Princeton (24-1, 12-0 Ivy) has made the tournament twice in a row but never in program history has it advanced to the Sweet Sixteen.
The Tigers are the No. 21 team in the country after rising two spots from last week, and look to be a higher seed than an 11 or 12 like last year and the year before, respectively.
Since their two wins over Power 5 teams, the Penn State Nittany Lions (7-22, 1-17 Big Ten) and Missouri Tigers (8-21, 5-11 SEC), the Tigers have not picked up any signature wins. Yet, Princeton has been consistent throughout its current 20-game winning streak and its only loss this season came in overtime against Iowa on Nov. 20.
Princeton has won all of its Ivy League games by at least 14 points and is dominating lately. The Tigers won three games last week, two by 30 or more points over the Penn Quakers and Brown Bears, and one by 15 points over the Yale Bulldogs. With potential first-round WNBA Draft pick Bella Alarie on its team, Princeton has a chance to shake things up in the Big Dance.
— Princeton WBB (@PrincetonWBB) March 1, 2020
Should the No. 3 Oregon Ducks be ahead of the No. 2 Baylor Lady Bears?
The Lady Bears have not lost since rising back to the second spot in the nation in Week 11 and they have just one loss overall, whereas Oregon has two, and Baylor’s sole loss came against the No. 1 South Carolina Gamecocks on Nov. 30 at the Paradise Jam in a game Lady Bear star Lauren Cox missed due to a foot injury.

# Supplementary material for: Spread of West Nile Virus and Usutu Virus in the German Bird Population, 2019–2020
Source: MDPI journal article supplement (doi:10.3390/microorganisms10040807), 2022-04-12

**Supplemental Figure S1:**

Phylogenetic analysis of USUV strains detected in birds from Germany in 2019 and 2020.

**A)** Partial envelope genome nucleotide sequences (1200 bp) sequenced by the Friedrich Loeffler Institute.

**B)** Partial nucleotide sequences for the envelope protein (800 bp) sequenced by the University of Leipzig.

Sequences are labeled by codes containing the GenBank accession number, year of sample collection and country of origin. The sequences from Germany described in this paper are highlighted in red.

But the Ducks (28-2, 17-1 Pac-12) have nine wins over currently ranked teams, including one over the No. 5 UConn Huskies on Feb. 3 and two over the No. 7 Stanford Cardinal on Jan. 16 and Feb. 24. Baylor (27-1, 16-0) has just two wins over ranked teams this year with triumphs over UConn (Jan. 9) and the No. 20 Indiana Hoosiers (Nov. 29 at the Paradise Jam).
The Pac-12 was expected to be competitive enough for Oregon to boost its resume. The Big 12, however, has been weaker than expected, with Baylor being the only ranked team in the conference.
— Oregon Women’s Basketball (@OregonWBB) March 2, 2020
On the decline
No. 22 Florida State Seminoles (22-7, 11-7 ACC)
The Seminoles’ loss to the lowly Notre Dame Fighting Irish (13-17, 8-10 ACC) on Sunday dropped them three spots. The Seminoles, who were ranked eighth for five weeks, from early December to early January, lost three of their last five regular-season games and join the Boston College Eagles and Virginia Tech Hokies (both unranked) at 11-7 in ACC play. Unless they win the ACC Tournament, it is unlikely the Seminoles will be able to host the first two rounds of the NCAA Tournament.
No. 15 Texas A&M Aggies (22-7, 10-6 SEC)
The preseason No. 6 team in the nation was looking good in its first four games with star Chennedy Carter back from an ankle injury, but the unranked Alabama Crimson Tide (18-11, 8-8 SEC) bested the Aggies on Feb. 27. Then, on Sunday, Texas A&M couldn’t pull off an upset over South Carolina, giving them two-straight losses to end the season, resulting in a three-spot slide.